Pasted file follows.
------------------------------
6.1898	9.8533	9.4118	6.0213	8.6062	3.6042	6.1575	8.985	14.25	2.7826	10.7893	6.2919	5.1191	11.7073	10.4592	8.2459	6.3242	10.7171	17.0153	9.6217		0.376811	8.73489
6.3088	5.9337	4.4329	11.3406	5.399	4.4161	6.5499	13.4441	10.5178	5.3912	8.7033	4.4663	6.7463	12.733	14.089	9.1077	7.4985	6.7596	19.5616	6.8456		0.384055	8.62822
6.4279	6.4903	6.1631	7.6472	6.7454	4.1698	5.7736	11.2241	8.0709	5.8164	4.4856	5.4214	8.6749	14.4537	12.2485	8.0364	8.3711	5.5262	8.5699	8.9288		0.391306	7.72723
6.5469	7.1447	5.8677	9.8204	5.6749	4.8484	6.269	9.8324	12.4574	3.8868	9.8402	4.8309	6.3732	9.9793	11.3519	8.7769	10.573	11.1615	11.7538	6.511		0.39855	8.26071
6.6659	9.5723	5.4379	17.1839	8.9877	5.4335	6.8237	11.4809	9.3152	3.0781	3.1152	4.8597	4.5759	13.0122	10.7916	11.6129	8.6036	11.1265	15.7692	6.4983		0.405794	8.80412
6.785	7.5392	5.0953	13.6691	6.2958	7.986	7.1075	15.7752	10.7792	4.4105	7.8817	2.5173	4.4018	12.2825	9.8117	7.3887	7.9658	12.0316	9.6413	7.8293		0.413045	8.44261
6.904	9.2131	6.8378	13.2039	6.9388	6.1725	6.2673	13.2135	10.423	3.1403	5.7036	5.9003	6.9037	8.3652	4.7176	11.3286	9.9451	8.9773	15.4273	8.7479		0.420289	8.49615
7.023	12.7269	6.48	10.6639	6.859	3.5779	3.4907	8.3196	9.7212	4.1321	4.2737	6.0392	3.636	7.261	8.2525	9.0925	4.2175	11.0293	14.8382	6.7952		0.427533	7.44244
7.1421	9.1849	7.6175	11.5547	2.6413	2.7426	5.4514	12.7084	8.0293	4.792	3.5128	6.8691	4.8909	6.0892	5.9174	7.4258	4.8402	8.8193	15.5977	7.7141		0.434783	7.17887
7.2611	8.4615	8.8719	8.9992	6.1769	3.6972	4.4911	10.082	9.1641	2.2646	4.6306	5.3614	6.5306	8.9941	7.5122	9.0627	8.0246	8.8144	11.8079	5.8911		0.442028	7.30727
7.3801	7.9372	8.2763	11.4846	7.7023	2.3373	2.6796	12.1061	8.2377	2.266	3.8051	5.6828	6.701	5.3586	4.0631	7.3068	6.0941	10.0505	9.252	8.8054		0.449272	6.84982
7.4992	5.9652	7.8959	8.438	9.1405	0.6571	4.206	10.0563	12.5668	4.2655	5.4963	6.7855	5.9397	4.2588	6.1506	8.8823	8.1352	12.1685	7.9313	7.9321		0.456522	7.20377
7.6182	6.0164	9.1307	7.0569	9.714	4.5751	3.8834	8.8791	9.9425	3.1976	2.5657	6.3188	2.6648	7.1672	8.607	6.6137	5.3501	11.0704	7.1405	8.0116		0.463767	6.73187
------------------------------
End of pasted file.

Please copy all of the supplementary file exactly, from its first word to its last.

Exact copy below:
6.1898	9.8533	9.4118	6.0213	8.6062	3.6042	6.1575	8.985	14.25	2.7826	10.7893	6.2919	5.1191	11.7073	10.4592	8.2459	6.3242	10.7171	17.0153	9.6217		0.376811	8.73489
6.3088	5.9337	4.4329	11.3406	5.399	4.4161	6.5499	13.4441	10.5178	5.3912	8.7033	4.4663	6.7463	12.733	14.089	9.1077	7.4985	6.7596	19.5616	6.8456		0.384055	8.62822
6.4279	6.4903	6.1631	7.6472	6.7454	4.1698	5.7736	11.2241	8.0709	5.8164	4.4856	5.4214	8.6749	14.4537	12.2485	8.0364	8.3711	5.5262	8.5699	8.9288		0.391306	7.72723
6.5469	7.1447	5.8677	9.8204	5.6749	4.8484	6.269	9.8324	12.4574	3.8868	9.8402	4.8309	6.3732	9.9793	11.3519	8.7769	10.573	11.1615	11.7538	6.511		0.39855	8.26071
6.6659	9.5723	5.4379	17.1839	8.9877	5.4335	6.8237	11.4809	9.3152	3.0781	3.1152	4.8597	4.5759	13.0122	10.7916	11.6129	8.6036	11.1265	15.7692	6.4983		0.405794	8.80412
6.785	7.5392	5.0953	13.6691	6.2958	7.986	7.1075	15.7752	10.7792	4.4105	7.8817	2.5173	4.4018	12.2825	9.8117	7.3887	7.9658	12.0316	9.6413	7.8293		0.413045	8.44261
6.904	9.2131	6.8378	13.2039	6.9388	6.1725	6.2673	13.2135	10.423	3.1403	5.7036	5.9003	6.9037	8.3652	4.7176	11.3286	9.9451	8.9773	15.4273	8.7479		0.420289	8.49615
7.023	12.7269	6.48	10.6639	6.859	3.5779	3.4907	8.3196	9.7212	4.1321	4.2737	6.0392	3.636	7.261	8.2525	9.0925	4.2175	11.0293	14.8382	6.7952		0.427533	7.44244
7.1421	9.1849	7.6175	11.5547	2.6413	2.7426	5.4514	12.7084	8.0293	4.792	3.5128	6.8691	4.8909	6.0892	5.9174	7.4258	4.8402	8.8193	15.5977	7.7141		0.434783	7.17887
7.2611	8.4615	8.8719	8.9992	6.1769	3.6972	4.4911	10.082	9.1641	2.2646	4.6306	5.3614	6.5306	8.9941	7.5122	9.0627	8.0246	8.8144	11.8079	5.8911		0.442028	7.30727
7.3801	7.9372	8.2763	11.4846	7.7023	2.3373	2.6796	12.1061	8.2377	2.266	3.8051	5.6828	6.701	5.3586	4.0631	7.3068	6.0941	10.0505	9.252	8.8054		0.449272	6.84982
7.4992	5.9652	7.8959	8.438	9.1405	0.6571	4.206	10.0563	12.5668	4.2655	5.4963	6.7855	5.9397	4.2588	6.1506	8.8823	8.1352	12.1685	7.9313	7.9321		0.456522	7.20377
7.6182	6.0164	9.1307	7.0569	9.714	4.5751	3.8834	8.8791	9.9425	3.1976	2.5657	6.3188	2.6648	7.1672	8.607	6.6137	5.3501	11.0704	7.1405	8.0116		0.463767	6.73187